Difference in the structure of the brain blood vessels may cause migraine

Migraine is a cause of significant disability in people around the world and various theories have been postulated to explain it. While earlier it was believed that migraine was caused due to abnormal dilatation of the cerebral blood vessels, later it was thought that migraine was a result of abnormal neuronal activity in the brain. However, a new study published in the latest issue of the journal PLoS One has found that a difference in the structure of the blood vessels supplying the brain may be the actual reason behind migraine. The study was led by researchers from the Perelman School of Medicine at the University of Pennsylvania.

For their study, the researchers examined 170 people in three groups. The first group consisted of people who suffered from migraine associated with aura, the second group consisted of people who had migraine but no aura and the third group consisted of people with no history of migraine. All the participants of the study were made to undergo a magnetic resonance angiography to analyze the structure of the blood vessels in the brain. They also underwent Arterial Spin Labeling (ASL) which is a non-invasive technique pioneered at the University of Pennsylvania and used to measure the changes in the blood flow.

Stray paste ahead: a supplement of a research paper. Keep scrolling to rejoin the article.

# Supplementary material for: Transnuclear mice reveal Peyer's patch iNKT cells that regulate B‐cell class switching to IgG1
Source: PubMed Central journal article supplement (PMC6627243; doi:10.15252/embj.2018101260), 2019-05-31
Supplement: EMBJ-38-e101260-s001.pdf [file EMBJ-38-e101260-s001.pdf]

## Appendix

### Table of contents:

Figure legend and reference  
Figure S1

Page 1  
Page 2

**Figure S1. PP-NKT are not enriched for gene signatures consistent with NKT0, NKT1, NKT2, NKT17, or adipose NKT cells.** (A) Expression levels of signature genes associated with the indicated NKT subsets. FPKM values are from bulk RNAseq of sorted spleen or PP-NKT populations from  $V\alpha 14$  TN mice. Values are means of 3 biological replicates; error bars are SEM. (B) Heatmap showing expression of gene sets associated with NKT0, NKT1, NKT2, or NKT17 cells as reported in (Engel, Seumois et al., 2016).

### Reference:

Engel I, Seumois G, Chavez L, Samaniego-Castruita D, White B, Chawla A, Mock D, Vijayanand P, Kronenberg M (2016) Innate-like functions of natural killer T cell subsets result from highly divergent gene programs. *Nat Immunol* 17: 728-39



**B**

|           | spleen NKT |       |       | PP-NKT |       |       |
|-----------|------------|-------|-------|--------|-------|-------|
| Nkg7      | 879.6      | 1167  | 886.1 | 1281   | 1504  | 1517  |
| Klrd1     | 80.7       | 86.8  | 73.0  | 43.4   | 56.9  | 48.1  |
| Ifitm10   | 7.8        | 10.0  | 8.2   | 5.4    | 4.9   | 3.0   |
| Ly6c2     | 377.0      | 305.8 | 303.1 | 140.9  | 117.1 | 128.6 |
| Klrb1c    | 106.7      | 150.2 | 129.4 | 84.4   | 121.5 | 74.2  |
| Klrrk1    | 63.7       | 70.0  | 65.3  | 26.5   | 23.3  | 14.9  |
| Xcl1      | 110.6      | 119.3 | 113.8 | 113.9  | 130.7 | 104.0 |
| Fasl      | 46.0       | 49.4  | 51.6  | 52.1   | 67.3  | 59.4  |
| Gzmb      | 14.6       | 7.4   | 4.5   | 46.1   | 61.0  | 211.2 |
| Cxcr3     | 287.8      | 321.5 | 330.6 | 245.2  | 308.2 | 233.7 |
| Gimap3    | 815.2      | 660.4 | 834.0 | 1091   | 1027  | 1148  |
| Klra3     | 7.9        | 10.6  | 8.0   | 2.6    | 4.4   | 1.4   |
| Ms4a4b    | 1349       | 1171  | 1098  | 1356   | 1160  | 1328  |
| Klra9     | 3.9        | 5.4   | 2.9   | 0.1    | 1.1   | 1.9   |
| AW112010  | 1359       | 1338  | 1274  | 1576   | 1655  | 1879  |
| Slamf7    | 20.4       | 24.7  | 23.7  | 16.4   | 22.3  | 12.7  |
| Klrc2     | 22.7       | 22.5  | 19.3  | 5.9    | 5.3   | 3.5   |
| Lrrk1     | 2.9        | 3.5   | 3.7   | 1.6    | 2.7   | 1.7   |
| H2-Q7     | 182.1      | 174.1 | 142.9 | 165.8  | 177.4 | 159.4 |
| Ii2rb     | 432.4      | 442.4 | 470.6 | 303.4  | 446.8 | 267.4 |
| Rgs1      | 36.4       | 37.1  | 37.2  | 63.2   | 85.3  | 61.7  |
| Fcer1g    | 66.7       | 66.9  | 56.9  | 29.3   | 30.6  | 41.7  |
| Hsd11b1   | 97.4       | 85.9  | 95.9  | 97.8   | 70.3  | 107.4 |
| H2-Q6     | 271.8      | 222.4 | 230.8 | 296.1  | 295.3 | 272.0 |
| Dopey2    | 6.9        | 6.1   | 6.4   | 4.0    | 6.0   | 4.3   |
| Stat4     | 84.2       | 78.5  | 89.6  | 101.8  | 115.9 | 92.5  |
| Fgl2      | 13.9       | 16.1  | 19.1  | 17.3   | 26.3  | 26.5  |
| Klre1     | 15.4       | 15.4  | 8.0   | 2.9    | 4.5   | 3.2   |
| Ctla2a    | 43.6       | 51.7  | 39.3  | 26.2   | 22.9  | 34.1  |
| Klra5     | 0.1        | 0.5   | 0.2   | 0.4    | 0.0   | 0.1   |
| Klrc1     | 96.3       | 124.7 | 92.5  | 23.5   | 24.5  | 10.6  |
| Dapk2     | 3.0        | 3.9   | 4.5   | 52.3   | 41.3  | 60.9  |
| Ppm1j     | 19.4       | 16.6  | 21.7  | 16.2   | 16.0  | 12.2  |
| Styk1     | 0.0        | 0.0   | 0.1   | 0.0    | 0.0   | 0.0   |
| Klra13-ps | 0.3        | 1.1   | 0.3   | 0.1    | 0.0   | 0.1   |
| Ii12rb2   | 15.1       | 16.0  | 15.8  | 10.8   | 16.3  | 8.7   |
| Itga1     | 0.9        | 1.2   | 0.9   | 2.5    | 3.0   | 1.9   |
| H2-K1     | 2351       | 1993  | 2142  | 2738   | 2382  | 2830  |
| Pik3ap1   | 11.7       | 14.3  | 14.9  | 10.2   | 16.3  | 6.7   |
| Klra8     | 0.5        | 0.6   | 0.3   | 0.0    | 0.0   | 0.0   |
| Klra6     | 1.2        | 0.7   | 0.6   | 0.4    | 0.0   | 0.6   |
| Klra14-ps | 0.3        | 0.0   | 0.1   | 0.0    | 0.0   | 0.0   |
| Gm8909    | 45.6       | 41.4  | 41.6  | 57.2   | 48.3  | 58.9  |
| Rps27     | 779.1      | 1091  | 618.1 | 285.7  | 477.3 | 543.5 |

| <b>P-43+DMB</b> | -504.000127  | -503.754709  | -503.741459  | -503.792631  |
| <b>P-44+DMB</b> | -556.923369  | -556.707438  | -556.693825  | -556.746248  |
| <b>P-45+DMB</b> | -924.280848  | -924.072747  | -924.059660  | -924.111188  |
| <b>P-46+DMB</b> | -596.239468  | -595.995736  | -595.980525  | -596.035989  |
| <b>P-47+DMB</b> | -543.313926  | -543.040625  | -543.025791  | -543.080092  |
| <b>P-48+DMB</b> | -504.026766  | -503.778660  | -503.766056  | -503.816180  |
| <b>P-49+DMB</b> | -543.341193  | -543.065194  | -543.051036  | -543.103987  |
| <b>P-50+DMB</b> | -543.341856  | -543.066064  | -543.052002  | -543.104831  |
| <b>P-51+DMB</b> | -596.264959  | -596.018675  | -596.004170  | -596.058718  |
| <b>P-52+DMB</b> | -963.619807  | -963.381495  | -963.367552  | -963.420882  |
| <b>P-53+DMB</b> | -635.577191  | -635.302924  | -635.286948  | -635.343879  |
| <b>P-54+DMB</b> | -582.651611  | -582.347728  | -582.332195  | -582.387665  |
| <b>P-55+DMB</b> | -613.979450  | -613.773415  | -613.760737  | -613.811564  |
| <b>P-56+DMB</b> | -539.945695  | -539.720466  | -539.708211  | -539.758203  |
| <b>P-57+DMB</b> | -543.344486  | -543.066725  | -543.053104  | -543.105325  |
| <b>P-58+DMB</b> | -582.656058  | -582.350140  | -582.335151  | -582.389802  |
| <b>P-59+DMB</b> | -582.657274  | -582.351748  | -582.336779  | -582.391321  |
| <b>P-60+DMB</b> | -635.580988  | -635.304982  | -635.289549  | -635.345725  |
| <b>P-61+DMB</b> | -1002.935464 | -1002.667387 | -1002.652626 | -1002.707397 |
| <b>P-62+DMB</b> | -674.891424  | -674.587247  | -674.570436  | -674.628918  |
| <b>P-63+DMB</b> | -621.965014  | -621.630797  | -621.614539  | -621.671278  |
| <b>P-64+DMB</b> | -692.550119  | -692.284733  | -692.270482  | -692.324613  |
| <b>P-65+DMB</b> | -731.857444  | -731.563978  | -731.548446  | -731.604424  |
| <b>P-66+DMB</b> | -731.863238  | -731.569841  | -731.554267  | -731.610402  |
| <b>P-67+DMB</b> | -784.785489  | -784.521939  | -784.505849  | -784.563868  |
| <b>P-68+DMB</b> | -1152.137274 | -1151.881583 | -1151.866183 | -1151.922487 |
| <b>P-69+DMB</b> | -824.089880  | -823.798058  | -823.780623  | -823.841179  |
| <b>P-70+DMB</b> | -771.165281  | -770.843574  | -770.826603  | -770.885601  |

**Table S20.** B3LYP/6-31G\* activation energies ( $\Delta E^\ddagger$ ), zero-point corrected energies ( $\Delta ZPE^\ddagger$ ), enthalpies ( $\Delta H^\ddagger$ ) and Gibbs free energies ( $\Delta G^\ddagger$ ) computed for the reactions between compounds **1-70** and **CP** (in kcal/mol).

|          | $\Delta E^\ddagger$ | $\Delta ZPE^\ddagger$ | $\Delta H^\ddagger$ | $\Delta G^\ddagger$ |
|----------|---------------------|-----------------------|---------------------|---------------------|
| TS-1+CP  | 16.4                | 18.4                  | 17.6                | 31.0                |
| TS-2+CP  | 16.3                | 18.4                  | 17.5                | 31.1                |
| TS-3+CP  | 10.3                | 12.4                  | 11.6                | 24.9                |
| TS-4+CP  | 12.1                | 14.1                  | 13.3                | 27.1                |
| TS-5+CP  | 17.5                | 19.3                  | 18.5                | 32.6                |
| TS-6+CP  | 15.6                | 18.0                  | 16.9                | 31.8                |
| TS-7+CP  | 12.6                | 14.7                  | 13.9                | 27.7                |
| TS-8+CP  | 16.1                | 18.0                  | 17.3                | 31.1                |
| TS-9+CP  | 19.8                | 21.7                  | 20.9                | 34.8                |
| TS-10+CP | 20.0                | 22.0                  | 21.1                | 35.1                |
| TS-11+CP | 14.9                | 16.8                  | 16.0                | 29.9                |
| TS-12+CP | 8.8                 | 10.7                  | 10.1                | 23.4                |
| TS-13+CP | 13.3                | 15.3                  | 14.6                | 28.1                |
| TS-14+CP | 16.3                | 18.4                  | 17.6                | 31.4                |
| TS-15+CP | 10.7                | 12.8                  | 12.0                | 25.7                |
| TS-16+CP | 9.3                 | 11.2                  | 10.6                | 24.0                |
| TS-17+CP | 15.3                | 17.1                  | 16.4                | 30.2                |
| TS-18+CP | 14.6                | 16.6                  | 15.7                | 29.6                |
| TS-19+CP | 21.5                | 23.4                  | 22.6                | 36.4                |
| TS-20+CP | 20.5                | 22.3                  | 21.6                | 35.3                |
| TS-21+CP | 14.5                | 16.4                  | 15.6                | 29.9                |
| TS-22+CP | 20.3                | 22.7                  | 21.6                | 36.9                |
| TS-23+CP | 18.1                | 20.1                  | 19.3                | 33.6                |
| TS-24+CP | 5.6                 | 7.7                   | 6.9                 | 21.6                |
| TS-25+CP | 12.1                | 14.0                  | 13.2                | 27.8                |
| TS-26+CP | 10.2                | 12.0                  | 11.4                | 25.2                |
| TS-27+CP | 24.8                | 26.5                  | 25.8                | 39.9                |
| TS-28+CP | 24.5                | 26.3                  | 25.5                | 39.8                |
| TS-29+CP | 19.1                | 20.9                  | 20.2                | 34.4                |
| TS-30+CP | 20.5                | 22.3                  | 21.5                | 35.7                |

The researchers found that the Circle of Willis was incomplete in 73 percent of people with a history of migraine with aura. It was incomplete in 67 percent of people who suffered from migraine without aura and incomplete in 51 percent of people who had no history of migraine. Circle of Willis is a series of connection between the major arteries supplying the brain. The researchers have opined that because of the structural alteration of the cerebral blood vessels, the brain becomes more susceptible to the changes in the blood flow resulting from any cause. This triggers abnormal neuronal activity leading to migraine.

The researchers also found that the structural abnormality of the blood vessels was most common in the posterior region of the brain where the visual cortex is situated. This may explain the multiple visual symptoms like wavy lines, spots and distortions seen during an aura.

Editor: Dr. Bimal Rajalingam MBBS DNB (Resp Med)

Tuesday, July 30, 2013
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